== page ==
Nowadays customers have access to more TV technology options than ever before. Now all the TV technologies create excellent picture quality and offer a wide range of additional advantages. Reading about television though, could feel like trying to learn a foreign language because there are many alternatives. OLED, Quantum dots, tiny LED, and a long list of others might all appear to merge.
Television technology is on its peak right now. With streaming, we have access to an almost limitless amount of content 24 hours a day. Ultra HD 4K is now well established, 8K TVs are growing more popular and HDR is widely available.
To select a TV for your user use, it is necessary to learn the difference between them so that you can know which one is more suitable for you. The contrast between OLED and QLED, the two competing technologies in the high-end TV market, is one of the recurring confusions. What precisely are they, how do they differ, which one is more powerful, and which should you choose if you want the clearest picture? Let us give you the details.
What is the Difference Between OLED and QLED?
LG Display is the only company that makes OLED TV panels. Such panels are sold to LG Electronics, a sibling company that uses them to make some of the best TVs. Because LG Display also sells OLED panels to Sony, Vizio, Philips, and Panasonic, you can also find OLED televisions from these companies. Even while OLED TV panels are comparable, you will still detect differences in picture quality between models due to Sony, LG, and other manufacturers’ proprietary image processing.
Quantum Light-Emitting Diode is known as QLED. That means a QLED TV is similar to a standard LED TV, except that it uses small nanoparticles known as quantum dots to boost its brightness and colour. Sony first presented the technology in 2013, but soon after that, Samsung started selling its QLED TVs and formed a licensing agreement with other producers. As a result, QLED TVs are now available from Vizio, Hisense, TCL, and numerous other small brands in addition to Samsung.
Despite the coolness of quantum dots, a QLED TV nevertheless generates light in a manner similar to that of a standard LED TV: by using a backlight placed behind a conventional LCD panel composed of hundreds (or in some cases, thousands) of LEDs. The names LED and QLED are derived from these LEDs.
The colour filters work in tandem with the LCD panel, which is made up of millions of tiny shutters that open and close too quickly to be seen, to produce the image you see by allowing the proper amount of light and colour to escape and reach your eyes. Although it is a sophisticated technology, it occasionally fails to produce correct on screen blacks since it depends on dimming the LED backlights and employing the shutters to block the remaining light.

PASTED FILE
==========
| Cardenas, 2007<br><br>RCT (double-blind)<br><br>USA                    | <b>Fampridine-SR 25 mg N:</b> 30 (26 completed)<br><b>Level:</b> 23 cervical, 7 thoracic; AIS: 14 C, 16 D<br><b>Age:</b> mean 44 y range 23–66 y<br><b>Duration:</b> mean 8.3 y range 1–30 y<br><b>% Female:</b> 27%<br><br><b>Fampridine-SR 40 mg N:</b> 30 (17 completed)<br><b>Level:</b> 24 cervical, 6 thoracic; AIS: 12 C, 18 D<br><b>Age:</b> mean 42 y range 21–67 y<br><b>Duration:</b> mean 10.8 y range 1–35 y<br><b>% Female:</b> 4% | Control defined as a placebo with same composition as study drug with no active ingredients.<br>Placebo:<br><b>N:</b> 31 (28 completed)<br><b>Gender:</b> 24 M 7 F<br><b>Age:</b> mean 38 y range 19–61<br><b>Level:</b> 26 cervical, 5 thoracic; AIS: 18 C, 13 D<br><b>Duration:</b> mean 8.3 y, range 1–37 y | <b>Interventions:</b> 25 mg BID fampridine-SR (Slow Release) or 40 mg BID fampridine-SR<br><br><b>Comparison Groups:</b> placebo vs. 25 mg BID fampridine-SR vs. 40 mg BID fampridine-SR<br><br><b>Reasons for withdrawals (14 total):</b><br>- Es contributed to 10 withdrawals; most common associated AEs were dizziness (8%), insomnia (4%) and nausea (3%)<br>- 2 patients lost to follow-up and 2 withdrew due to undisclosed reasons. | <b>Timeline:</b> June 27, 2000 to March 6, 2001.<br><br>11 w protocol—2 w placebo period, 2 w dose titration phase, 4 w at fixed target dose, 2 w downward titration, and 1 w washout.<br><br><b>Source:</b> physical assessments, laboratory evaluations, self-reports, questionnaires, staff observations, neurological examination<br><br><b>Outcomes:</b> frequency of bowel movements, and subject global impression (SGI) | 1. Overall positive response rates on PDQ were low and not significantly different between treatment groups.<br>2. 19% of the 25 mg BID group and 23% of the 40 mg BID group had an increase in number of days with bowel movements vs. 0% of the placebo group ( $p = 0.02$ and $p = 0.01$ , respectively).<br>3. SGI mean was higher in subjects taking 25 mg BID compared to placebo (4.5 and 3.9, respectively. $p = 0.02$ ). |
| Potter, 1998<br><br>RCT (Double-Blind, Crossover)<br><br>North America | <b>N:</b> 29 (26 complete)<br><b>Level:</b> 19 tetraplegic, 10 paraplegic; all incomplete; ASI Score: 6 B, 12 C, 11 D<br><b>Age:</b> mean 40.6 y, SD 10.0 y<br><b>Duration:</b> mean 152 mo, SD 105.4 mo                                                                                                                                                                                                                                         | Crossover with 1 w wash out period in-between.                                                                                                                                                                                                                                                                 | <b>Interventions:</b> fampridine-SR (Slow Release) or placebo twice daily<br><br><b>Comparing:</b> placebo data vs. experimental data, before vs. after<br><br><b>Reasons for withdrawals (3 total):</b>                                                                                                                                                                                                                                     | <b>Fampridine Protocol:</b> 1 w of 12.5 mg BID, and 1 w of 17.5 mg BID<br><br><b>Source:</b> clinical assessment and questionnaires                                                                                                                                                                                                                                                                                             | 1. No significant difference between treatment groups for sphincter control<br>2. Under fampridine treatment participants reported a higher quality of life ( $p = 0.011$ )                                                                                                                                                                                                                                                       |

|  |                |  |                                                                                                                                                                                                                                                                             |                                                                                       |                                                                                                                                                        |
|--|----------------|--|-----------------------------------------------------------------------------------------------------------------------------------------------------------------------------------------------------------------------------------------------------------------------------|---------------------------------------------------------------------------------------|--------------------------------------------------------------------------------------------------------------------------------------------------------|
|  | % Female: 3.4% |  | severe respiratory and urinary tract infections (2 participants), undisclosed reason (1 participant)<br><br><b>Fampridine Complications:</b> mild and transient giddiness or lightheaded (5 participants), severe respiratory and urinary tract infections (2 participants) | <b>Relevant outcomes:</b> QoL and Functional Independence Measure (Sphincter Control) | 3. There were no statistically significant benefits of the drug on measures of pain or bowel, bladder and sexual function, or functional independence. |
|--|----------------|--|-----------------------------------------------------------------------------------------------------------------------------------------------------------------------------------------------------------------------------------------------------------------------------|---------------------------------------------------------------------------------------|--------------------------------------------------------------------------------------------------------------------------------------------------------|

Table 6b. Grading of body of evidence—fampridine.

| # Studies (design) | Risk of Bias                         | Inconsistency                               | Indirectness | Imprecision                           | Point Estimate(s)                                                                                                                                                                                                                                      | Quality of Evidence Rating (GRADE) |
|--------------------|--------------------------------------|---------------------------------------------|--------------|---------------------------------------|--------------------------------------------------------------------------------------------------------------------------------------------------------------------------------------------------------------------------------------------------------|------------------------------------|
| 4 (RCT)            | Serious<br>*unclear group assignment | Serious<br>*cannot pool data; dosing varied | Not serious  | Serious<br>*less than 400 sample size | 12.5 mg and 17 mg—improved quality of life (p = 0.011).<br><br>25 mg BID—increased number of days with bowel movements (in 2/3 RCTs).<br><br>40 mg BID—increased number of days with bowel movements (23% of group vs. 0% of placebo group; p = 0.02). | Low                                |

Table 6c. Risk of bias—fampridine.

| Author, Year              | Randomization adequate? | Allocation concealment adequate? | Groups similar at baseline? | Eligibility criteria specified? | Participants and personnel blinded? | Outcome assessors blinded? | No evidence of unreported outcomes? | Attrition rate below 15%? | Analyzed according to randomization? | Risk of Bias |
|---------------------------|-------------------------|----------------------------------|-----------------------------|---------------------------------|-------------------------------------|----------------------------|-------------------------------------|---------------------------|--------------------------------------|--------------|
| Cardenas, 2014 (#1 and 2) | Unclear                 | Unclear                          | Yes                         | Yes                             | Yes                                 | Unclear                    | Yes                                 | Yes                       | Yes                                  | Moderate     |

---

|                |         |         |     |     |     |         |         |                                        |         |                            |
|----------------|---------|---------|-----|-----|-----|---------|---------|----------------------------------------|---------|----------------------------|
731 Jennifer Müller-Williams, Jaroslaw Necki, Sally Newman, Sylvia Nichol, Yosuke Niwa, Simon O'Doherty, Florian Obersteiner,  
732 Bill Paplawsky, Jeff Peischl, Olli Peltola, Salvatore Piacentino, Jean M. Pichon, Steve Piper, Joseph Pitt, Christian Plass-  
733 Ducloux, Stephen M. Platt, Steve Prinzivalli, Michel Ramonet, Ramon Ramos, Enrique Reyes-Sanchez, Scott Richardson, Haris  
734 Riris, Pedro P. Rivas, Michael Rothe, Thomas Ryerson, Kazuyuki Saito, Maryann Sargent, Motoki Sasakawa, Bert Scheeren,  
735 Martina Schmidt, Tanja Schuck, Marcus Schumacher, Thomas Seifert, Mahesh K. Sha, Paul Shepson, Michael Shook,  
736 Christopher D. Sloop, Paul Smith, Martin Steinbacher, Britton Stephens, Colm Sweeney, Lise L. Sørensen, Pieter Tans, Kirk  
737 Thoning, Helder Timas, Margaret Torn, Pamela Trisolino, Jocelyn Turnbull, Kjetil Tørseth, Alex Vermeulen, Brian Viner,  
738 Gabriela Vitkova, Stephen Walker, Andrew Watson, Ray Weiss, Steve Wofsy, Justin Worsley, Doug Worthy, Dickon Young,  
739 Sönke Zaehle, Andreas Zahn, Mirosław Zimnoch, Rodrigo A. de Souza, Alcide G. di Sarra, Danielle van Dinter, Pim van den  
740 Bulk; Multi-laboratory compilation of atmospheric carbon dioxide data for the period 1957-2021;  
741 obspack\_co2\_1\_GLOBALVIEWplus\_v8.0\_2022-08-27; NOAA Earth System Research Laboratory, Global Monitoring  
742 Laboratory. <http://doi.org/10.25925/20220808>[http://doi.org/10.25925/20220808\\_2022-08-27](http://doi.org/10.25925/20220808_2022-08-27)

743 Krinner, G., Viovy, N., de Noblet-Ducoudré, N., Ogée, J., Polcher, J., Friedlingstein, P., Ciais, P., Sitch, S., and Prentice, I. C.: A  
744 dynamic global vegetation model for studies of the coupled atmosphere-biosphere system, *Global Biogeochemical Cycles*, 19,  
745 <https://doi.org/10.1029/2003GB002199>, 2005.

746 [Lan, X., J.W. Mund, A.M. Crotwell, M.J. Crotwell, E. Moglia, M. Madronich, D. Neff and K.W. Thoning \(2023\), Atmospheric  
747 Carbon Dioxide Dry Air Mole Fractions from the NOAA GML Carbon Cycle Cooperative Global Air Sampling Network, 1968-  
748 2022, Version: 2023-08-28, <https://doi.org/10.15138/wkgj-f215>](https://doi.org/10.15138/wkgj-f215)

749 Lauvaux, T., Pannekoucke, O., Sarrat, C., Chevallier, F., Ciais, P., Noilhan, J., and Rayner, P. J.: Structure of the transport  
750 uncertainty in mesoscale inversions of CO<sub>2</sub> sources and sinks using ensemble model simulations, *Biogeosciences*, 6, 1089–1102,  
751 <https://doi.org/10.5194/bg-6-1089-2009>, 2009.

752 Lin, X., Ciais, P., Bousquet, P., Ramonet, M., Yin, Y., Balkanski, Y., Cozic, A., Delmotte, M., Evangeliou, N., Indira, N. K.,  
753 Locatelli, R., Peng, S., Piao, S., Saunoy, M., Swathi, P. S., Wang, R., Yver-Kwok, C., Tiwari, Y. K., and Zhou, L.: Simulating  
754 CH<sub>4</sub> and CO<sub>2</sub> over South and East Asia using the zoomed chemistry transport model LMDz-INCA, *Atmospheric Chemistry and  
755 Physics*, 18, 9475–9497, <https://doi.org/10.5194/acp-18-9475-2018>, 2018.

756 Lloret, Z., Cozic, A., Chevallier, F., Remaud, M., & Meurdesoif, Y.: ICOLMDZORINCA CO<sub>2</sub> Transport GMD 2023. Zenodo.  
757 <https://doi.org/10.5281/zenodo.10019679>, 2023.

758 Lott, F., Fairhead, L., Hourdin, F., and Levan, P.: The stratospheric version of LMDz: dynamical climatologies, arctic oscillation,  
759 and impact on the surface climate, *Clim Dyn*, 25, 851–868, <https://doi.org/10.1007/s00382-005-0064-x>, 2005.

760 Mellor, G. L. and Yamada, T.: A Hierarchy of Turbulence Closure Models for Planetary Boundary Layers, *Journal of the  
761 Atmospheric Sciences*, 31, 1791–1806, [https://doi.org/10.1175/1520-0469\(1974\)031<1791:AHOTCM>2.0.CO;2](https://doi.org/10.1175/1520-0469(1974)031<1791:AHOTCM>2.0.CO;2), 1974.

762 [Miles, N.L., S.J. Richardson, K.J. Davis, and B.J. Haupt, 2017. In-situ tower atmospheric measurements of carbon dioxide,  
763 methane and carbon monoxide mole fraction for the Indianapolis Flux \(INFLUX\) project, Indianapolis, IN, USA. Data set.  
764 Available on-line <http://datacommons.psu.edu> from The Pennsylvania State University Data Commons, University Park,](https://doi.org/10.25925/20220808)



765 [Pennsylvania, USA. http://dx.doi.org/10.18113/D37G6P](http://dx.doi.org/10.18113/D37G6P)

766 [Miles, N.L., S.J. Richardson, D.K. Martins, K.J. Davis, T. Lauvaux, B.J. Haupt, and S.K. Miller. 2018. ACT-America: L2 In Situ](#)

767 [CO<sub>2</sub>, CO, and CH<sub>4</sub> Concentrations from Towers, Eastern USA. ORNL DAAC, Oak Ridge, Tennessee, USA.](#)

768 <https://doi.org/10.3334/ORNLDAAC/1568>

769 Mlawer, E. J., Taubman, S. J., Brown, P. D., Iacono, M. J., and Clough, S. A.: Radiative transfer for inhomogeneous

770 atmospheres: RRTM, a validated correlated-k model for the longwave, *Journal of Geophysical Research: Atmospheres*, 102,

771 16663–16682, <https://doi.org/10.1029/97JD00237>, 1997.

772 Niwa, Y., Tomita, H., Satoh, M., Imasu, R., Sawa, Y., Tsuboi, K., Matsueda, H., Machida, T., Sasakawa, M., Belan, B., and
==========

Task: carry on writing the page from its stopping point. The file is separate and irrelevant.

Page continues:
Organic Light-Emitting Diode is the official name of OLED. Unexpectedly, the name’s “Light Emitting-Diode” component has nothing to do with an LED backlight. It refers to the fact that every single pixel in an OLED display is also a teeny, tiny LED light and a very thin one that can create light and colour in a single element. In other words, since each OLED pixel generates its light, OLED TVs do not require a backlight.
This design has several benefits, but most people would say that the outstanding black level possible with OLED TVs is the largest benefit. An OLED TV turns off the pixel, unlike a QLED or LED TV that must reduce its backlight and block what is left for gloomy scenarios. When a pixel is off, it doesn’t produce any light or colour. Thus, the area is as dark as when the TV is off.
OLED TV panels are only produced by LG Display. It sells such panels to LG Electronics, a parallel business that utilises them to create some of the best TVs. You will also find OLED televisions from Sony, Vizio, Philips, and Panasonic because LG Display also supplies OLED panels to these businesses. The image processing done by Sony, LG, and others is proprietary, so even while the panels are largely equal, you’ll still notice variations in picture quality among OLED TVs.
QLED vs. OLED: Features
Now that you are aware of what each of those letters means in terms of display technology, let’s compare QLED vs. OLED in the areas that are most crucial when choosing a TV. When spending a lot of money on a new TV, brightness, contrast, viewing angles, and other key performance variables like response speed and longevity are all crucial elements to consider.
The brightness of QLED TVs is a significant benefit. These LED backlights may be exceedingly, agonisingly bright because they use independent backlights rather than relying on each pixel to produce its light. You can have a more than bright display to be viewed clearly in even the most luminous illuminated environments when you combine that light with a quantum dot’s capacity to maximise that light by producing brighter hues in the colour spectrum without losing saturation.
Based on pure brightness, OLED screens are incomparable. Simply put, each light-emitting pixel can’t generate the same amount of light. This is not a concern in a dimly lit space. I contend it is preferable because OLED can produce the same contrast with less brightness. However, QLED TVs are more noticeable in well-lit areas or where a lot of daylight enters via windows – especially if HDR material is being played in these settings. Overall, OLED panels have improved in brightness over the years but still fall short of QLED TVs in intelligence.
Response Time, And Input Lag
The time a pixel changes from one state to another is referred to as response time. The sharper the visual, particularly in scenes of rapid-fire action, the faster the response time. OLED TVs are orders of magnitude faster than QLED TVs, even though there may be a speed of response time beyond which the human eye cannot distinguish between differences.
Compared to OLED’s response time of roughly 0.1 milliseconds, typically 2 to 8 milliseconds, typical QLED response times sound very good. Yes, there is no contest.